About Disclosure

Today’s post comes from a colleague in our LifeStar Network: Jennifer Thibodeau of Alberta, Canada.

“I would rather know the truth. I can deal with the truth much better than not knowing. If I only knew the full truth from A to Z, I wouldn’t feel like I’m going crazy.”

I can’t tell you how often I’ve heard statements just like this, from partners of sex addicts. So often, partners have been deceived time after time and trust in the relationship was bruised and battered.

After an initial disclosure, a partner may feel the affects of being traumatized. Hurt and confusion dominate every moment of the day. As time passes, partners may come to accept a small portion of their new reality and commit to working through this difficult situation with the one they love. They may believe that they have the whole truth and affirm that they can work through this.

Down the road there may be yet another disclosure, which turns their world upside down. Although the first disclosure was painful, they were re‐assured by their spouse that they had all the information.

Yet they find themselves, again struggling to make sense of it all. They begin to question everything they knew about their former life.

Again, promises are made and many partners agree to continue in the relationship hoping that this is now the whole truth and nothing but the truth. Yet, in their mind and heart, they worry and question everything. Feelings of uncertainty about themselves and their love relationship are always with them, as they wonder if there is more that hasn’t been told.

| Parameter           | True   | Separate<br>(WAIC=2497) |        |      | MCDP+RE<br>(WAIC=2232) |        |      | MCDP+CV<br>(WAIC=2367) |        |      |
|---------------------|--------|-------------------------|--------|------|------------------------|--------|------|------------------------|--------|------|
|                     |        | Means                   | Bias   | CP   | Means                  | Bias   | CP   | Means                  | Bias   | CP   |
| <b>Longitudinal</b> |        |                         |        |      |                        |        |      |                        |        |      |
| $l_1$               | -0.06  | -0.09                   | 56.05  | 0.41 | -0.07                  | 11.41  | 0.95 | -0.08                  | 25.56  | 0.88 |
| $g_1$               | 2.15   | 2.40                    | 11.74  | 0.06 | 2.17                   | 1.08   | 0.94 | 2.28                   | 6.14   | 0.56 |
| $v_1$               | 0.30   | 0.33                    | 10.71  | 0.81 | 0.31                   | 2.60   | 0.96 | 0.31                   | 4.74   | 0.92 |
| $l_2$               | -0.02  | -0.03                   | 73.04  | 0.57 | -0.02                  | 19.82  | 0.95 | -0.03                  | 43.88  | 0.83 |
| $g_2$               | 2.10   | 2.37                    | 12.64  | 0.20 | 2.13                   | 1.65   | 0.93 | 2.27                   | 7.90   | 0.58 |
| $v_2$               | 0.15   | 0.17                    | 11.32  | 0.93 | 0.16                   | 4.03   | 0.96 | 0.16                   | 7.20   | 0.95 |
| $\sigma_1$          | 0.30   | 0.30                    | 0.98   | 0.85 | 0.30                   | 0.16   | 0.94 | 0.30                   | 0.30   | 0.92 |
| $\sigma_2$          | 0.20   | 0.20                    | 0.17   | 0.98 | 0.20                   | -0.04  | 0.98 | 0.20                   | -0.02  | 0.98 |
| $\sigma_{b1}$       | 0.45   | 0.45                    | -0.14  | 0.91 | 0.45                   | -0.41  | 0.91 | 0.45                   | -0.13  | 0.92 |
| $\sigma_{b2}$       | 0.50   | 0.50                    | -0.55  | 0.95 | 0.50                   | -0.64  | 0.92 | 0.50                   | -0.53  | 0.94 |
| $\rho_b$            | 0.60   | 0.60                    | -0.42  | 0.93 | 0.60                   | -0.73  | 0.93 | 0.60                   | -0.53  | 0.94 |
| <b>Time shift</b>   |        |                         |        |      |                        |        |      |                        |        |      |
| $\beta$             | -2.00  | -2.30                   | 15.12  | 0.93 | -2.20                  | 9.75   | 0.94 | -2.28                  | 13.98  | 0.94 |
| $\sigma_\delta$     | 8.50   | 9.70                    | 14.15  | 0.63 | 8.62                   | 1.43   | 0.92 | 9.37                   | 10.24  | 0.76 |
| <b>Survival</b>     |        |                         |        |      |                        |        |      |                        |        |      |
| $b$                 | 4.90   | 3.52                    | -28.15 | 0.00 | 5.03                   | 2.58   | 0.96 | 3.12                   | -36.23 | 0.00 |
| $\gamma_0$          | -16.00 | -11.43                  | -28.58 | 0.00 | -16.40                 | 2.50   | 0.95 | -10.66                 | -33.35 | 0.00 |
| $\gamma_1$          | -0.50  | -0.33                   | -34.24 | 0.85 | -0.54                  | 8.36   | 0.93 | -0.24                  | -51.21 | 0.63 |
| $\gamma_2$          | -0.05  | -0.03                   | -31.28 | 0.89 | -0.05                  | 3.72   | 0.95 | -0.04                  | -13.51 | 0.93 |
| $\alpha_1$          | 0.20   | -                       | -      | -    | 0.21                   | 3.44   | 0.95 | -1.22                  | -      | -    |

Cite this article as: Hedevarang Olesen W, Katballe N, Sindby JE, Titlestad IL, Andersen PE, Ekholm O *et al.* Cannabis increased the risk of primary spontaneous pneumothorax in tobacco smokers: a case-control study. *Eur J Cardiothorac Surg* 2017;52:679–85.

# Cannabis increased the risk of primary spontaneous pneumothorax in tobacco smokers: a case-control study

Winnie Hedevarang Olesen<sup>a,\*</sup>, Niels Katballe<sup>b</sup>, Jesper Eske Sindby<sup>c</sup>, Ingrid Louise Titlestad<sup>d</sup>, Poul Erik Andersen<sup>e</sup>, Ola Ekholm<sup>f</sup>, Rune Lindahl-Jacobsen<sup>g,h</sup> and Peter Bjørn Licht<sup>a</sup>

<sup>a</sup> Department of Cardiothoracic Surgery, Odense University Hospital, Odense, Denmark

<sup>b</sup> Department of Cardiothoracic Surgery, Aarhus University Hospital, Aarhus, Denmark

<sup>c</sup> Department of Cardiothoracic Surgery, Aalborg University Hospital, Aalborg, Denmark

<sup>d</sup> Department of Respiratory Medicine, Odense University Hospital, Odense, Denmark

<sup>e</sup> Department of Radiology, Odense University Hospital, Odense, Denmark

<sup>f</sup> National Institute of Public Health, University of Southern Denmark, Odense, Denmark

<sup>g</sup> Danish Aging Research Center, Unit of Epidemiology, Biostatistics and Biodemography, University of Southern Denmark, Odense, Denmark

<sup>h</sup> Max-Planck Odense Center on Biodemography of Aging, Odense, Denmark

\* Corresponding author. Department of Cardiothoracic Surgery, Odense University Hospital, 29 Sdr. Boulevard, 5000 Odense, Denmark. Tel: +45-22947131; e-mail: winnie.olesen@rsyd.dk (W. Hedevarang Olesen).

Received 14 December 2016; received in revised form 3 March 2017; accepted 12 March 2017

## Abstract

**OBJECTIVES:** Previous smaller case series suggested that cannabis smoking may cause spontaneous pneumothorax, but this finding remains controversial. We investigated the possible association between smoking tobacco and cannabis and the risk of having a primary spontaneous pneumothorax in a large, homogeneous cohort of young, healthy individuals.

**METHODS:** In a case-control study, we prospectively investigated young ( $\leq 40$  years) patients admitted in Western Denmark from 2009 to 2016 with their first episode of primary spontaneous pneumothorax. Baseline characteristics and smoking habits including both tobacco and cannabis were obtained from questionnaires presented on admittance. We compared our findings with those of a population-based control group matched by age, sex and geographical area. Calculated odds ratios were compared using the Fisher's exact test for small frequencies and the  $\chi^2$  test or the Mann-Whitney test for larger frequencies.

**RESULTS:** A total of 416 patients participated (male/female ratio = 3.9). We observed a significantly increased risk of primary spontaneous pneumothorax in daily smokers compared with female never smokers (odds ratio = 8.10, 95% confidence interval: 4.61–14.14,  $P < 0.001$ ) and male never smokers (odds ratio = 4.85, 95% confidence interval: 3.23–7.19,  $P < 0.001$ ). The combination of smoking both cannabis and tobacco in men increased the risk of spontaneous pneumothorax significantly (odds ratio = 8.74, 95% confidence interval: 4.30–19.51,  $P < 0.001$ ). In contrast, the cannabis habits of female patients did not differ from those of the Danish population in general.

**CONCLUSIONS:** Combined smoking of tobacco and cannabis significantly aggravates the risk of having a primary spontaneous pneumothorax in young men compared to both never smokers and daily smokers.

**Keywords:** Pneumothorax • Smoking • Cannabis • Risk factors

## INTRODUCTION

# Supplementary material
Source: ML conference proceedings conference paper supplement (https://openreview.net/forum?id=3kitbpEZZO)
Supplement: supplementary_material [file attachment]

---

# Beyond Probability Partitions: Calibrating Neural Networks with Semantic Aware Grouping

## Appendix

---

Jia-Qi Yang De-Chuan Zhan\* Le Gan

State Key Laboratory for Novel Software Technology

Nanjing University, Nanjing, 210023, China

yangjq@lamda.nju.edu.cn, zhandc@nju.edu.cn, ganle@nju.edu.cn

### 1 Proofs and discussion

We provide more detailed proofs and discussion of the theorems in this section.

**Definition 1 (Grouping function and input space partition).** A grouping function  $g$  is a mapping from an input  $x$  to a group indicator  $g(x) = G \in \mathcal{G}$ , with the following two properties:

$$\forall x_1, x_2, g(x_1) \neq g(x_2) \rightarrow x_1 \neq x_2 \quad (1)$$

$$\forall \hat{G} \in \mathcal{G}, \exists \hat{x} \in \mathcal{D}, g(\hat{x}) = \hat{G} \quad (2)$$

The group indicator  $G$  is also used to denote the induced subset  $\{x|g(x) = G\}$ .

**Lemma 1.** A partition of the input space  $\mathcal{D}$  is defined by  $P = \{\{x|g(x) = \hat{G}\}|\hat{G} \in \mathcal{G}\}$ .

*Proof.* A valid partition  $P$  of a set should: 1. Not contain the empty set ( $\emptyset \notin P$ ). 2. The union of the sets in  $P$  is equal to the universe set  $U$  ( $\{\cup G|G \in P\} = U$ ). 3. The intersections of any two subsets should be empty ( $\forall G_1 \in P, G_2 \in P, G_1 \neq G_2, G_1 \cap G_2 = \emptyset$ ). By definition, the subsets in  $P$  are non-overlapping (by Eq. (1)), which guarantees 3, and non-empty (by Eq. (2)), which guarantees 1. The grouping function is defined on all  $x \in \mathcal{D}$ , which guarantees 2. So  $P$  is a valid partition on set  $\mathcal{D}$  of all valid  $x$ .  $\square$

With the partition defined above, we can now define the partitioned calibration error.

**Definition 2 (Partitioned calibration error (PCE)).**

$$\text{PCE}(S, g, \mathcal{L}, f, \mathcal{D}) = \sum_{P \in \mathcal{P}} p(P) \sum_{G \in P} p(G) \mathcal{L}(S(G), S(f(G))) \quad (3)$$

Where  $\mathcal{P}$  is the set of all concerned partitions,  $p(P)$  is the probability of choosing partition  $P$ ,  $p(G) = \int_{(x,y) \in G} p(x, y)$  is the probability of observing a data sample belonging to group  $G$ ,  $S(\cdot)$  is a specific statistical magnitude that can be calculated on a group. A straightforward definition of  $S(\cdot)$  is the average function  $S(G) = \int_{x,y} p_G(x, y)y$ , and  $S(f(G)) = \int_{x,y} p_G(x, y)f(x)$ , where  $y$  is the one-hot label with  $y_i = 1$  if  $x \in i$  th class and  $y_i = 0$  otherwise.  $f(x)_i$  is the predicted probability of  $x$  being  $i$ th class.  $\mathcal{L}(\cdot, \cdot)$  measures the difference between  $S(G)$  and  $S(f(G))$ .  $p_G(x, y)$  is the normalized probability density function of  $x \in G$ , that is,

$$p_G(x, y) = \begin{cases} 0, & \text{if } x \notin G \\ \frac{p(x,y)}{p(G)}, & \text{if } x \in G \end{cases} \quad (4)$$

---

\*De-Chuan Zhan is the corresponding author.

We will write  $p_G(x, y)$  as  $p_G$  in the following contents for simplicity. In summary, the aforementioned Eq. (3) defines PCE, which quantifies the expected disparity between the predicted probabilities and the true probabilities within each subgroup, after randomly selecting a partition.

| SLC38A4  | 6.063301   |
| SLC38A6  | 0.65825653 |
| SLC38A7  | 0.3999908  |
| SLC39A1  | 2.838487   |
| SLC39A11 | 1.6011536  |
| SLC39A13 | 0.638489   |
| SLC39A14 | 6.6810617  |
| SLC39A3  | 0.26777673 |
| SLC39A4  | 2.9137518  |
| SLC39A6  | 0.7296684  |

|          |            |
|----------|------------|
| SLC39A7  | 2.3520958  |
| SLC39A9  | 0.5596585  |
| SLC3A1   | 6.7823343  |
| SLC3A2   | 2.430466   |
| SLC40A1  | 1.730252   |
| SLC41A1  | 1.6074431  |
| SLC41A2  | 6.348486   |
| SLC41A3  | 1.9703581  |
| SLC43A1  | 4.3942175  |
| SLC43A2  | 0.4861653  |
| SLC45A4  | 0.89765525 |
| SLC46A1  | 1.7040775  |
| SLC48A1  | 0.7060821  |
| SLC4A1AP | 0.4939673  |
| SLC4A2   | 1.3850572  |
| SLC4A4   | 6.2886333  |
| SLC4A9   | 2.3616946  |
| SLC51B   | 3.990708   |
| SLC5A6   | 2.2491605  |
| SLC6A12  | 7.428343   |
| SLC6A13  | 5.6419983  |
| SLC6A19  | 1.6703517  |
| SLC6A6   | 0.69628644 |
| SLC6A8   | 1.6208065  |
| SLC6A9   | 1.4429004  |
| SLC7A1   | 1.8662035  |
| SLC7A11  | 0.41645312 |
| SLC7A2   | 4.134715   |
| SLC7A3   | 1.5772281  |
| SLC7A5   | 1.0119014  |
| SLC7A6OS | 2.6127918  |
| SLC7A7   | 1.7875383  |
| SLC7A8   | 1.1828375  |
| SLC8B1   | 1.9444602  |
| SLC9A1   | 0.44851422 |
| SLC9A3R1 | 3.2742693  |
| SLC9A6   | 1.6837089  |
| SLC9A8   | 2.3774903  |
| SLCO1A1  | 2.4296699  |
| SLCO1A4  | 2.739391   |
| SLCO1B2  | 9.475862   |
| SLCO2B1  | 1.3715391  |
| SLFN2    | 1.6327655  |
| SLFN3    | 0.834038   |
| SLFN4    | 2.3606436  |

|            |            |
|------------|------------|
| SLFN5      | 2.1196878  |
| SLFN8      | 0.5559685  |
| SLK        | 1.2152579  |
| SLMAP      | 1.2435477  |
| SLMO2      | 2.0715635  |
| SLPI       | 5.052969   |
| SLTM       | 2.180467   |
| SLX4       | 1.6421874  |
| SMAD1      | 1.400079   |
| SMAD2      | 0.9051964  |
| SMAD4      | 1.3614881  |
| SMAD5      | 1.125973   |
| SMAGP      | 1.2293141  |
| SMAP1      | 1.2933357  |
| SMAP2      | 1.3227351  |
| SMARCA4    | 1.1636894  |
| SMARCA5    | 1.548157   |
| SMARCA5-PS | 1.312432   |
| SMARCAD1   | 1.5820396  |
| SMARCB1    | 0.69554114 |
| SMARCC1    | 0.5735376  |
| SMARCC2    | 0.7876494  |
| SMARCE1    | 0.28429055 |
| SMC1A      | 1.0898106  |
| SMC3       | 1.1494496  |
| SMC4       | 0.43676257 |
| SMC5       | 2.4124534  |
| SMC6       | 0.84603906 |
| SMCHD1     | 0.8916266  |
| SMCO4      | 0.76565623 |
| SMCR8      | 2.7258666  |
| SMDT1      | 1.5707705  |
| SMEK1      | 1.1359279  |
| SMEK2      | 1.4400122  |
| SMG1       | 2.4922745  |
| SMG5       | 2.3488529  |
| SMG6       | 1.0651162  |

These staggered disclosures are extremely damaging and painful to the partner. Partners deserve to have full disclosure. There are several decisions that need to be made and they need to be based on truth.

Full disclosure is an opportunity to help heal the relationship in a real and authentic way. Although the very thought of this can be paralyzing for both the partner and the addict, full disclosure holds the key that unlocks the door for developing real connection and emotional intimacy.

There are no more secrets, no more hiding. This is only truth and transparency. The healing can now begin.

The process of full disclosure is important. It informs the couple’s healing. It is not to be taken lightly. Due to the trauma associated with this experience, it is best guided by a trained professional.

A therapist trained in disclosures can assist the addict in preparing his full written disclosure. This preparation can take months, as they identify the truth of their experience and prepare for accountability. During this time of preparation, the partner also works with the therapist to identify specific questions that need clarity. The partner also works on building support for the day of full disclosure.

When the day  comes, the partner, addict and therapist meet together. The therapist assists and guides the session while supporting the couple.

This disclosure process, when done properly, can be pivotal for a couple’s progress. The truth, the whole truth and nothing but the truth is a gift of renewal and empowerment for both the addict and the partner as they journey down their path of recovery.


Image by Judy Schmidt

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